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Volatile By Avylinn Winter

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Like a depressed moth drawn to a wild flame, Chris hoped that flame would brighten his life, not burn him alive.

Chris Sinclair fades into a gray world after losing his mother to cancer. When forced to attend a concert, as a last attempt to coax him out of his shell, he discovers that life might not be as bleak as he first thought.

Dante Heron holds the audience between the tips of his fingers and the delicate bow, playing the violin as if every heart is his to command. However, something darker brews behind the façade, and Chris is determined to solve the enigma.

When Chris is offered the job of traveling around Europe with the famous violinist, he surprises himself by accepting. With no idea of what awaits him, he’s thrown into a world where emotions rule and rules are bent.

They’re a perfectly dysfunctional match, but then there’s always calm at the heart of the storm.

https://www.pride-publishing.com/book/volatile

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Teen readers – an elusive but excitable crowd

A fellow author who I met during the Euro Pride Con in Berlin this summer mentioned the lack of teenagers among his readers, and he wondered where they all are. His question is important. Teens identifying with one or more of the many letters in the ever-changing acronym need real people as well as fictional characters to latch onto and look up to. They need people who represent them and who feel and worry like they do.

Reading can aid in this search for role models, and it’s a sure way to pass on knowledge from one generation to the next without having to be too much in your face. This author in particular likely had a lot of important information up his sleeve—more so than I as a heterosexual woman. I could tell that he was genuinely sad that teens had gone AWOL, and I wasn’t sure how to break the news that most of my readers are teens. It appeared thoroughly unfair.

The medium is important. I began my writing career with online writing, posting chapter after chapter for free, gaining a wider audience with each update. It’s a social reading experience, and teens were quick to embrace this new way of reading and discussing fiction. They love to be involved. They send me comments, sometimes multiple for the same chapter, and they talk to each other. Now and then they disagree with me, and once or twice they’ve called me a sadist—but all in all they’re lovely and supportive.

I wrote Volatile knowing that I’d have readers aged between 13 and 70. I knew most of them would be girls between 13 and 25. It definitely impacted the story, and I have a feeling that many of the more seasoned readers who end up with this novel in their hands may find it a bit on the innocent side. Either way, I wanted to write relatable characters with emotions running high, and I wanted to write a story that I could say for sure was a safe read for any teen identifying as GLBTQ+. It’s cute, but there’s also a lot of angst in there because teenagers feel a lot (I’m still a teenager in that sense) and want to feel when they read. They want to be involved with the characters, fall in love with them, and they’re not afraid of going with me on a journey they know will be painful (I’m quite predictable after all).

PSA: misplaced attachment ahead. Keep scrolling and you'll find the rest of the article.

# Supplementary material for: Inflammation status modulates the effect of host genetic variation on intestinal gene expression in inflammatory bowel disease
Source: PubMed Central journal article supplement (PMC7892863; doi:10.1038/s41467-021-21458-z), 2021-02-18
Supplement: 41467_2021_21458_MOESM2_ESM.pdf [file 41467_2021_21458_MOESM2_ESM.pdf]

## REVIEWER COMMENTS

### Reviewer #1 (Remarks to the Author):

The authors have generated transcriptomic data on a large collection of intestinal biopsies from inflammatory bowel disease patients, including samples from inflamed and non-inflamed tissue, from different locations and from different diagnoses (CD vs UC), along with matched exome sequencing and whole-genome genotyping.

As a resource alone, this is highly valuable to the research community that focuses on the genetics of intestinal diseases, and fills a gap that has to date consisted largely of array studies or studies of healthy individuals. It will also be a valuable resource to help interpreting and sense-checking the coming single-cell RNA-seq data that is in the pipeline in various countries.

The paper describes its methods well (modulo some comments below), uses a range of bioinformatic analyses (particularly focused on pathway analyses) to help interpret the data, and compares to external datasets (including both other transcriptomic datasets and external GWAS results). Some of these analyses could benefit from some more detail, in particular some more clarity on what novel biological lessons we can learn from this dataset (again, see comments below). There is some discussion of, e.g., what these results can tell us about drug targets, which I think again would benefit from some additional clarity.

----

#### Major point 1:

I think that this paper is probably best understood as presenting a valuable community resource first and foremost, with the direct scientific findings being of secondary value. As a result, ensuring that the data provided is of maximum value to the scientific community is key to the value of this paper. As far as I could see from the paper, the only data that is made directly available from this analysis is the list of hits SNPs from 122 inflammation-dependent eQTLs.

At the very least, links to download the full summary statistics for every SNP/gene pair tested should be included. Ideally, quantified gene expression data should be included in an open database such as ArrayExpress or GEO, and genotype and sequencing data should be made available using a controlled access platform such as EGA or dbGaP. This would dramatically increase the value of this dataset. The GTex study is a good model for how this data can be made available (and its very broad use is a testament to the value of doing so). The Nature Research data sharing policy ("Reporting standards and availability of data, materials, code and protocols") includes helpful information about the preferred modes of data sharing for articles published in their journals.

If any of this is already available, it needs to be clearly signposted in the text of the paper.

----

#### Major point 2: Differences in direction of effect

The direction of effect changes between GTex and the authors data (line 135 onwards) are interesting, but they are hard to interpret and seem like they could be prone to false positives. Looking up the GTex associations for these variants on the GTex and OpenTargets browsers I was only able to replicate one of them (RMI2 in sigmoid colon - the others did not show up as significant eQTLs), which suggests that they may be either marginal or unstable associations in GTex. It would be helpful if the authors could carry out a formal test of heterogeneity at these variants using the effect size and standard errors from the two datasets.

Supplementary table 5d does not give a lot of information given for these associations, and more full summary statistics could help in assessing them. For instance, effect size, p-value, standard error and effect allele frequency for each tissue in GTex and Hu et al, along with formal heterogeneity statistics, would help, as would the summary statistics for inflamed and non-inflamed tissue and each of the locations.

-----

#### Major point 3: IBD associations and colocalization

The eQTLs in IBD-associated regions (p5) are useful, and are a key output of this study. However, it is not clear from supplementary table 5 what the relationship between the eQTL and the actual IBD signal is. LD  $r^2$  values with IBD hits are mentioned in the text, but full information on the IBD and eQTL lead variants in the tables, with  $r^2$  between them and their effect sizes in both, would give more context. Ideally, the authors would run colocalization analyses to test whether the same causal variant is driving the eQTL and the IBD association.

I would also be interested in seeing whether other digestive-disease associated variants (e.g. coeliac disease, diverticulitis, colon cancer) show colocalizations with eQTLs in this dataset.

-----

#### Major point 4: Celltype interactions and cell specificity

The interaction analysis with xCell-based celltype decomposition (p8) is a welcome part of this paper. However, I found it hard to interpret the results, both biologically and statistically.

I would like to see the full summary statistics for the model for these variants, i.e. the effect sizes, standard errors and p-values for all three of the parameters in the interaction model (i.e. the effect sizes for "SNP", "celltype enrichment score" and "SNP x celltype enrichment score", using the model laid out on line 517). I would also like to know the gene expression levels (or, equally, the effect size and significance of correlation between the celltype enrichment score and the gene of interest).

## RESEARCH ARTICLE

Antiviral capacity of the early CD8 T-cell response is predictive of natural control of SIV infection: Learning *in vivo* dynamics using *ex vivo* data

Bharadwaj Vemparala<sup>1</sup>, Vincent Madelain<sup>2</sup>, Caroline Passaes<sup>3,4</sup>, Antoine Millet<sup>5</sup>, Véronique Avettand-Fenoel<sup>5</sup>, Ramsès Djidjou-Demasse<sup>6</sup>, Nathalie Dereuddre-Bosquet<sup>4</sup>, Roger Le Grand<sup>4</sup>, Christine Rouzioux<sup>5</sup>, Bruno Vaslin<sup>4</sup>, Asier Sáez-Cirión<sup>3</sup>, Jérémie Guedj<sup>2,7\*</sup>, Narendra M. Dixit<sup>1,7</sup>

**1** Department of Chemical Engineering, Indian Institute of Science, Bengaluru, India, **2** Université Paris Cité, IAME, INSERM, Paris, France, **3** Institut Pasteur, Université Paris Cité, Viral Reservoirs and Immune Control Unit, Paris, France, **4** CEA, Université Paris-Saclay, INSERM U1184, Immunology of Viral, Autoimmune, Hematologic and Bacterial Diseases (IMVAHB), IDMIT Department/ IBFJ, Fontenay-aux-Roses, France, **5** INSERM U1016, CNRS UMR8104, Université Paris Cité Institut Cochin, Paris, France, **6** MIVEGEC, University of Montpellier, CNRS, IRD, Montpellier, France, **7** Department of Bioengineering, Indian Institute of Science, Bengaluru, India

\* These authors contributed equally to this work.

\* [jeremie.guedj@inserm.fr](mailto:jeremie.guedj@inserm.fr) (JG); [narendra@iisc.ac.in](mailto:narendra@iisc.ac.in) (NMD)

I’m not conceited enough to say that I know exactly what teens are looking for in stories, but I do know what makes them likely to respond. Allow me to make an example. I have a beta reader who is majoring in English literature, and she’s also a good friend. Whenever she reads one of my manuscripts, she highlights certain sentences, writing—this is too much, think less is more. Seriously, every time she’s written one of those comments, she’s complaining about a sentence that got 100 comments or more from excited or devastated readers. It’s the pinnacle-like sentences that round something up and make us take flight only to settle on the other side.

In conclusion, if we want to write for teens, perhaps we need to reach out to them rather than expecting them to find us. We also need to write for them rather than to them. Remember what it was like when you were a teen, what you felt, how you acted and start from there. They’re excitable and loving, running on high-octane fuel, and that’s also why they’re wonderful allies.

They’re out there, for sure, devouring literature with queer characters. They’ve also taught me words such as “ship” and OTP which comes in handy from time to time because don’t forget, teens like to be involved. I love my readers, even when they’re mad at me.


Meet Avylinn Winter

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Raised in one of the cold corners of the world, Avylinn spends her days either wrapped up in a blanket or basking in the precious sunlight. When she can’t choose herself, she’s holed up in an office working with climate research that has little to do with the worlds and characters she creates in her vivid dreams.

Always the emotional one, she has found her outlet in writing, voicing thoughts, emotions and fears through her characters that feel very much alive to her. And, what began as a hobby soon took more and more time in her life until she realized that she had left her old life behind and entered a new one where her emotions turned into a super power—ready to launch at her poor readers.

She recharges with the help of coffee, cinnamon buns, popcorn and occasionally a healthier alternative.

Where to find Avylinn Winter

http://www.avylinnwinter.com/

https://twitter.com/AvylinnW

https://www.facebook.com/avylinnwinter/

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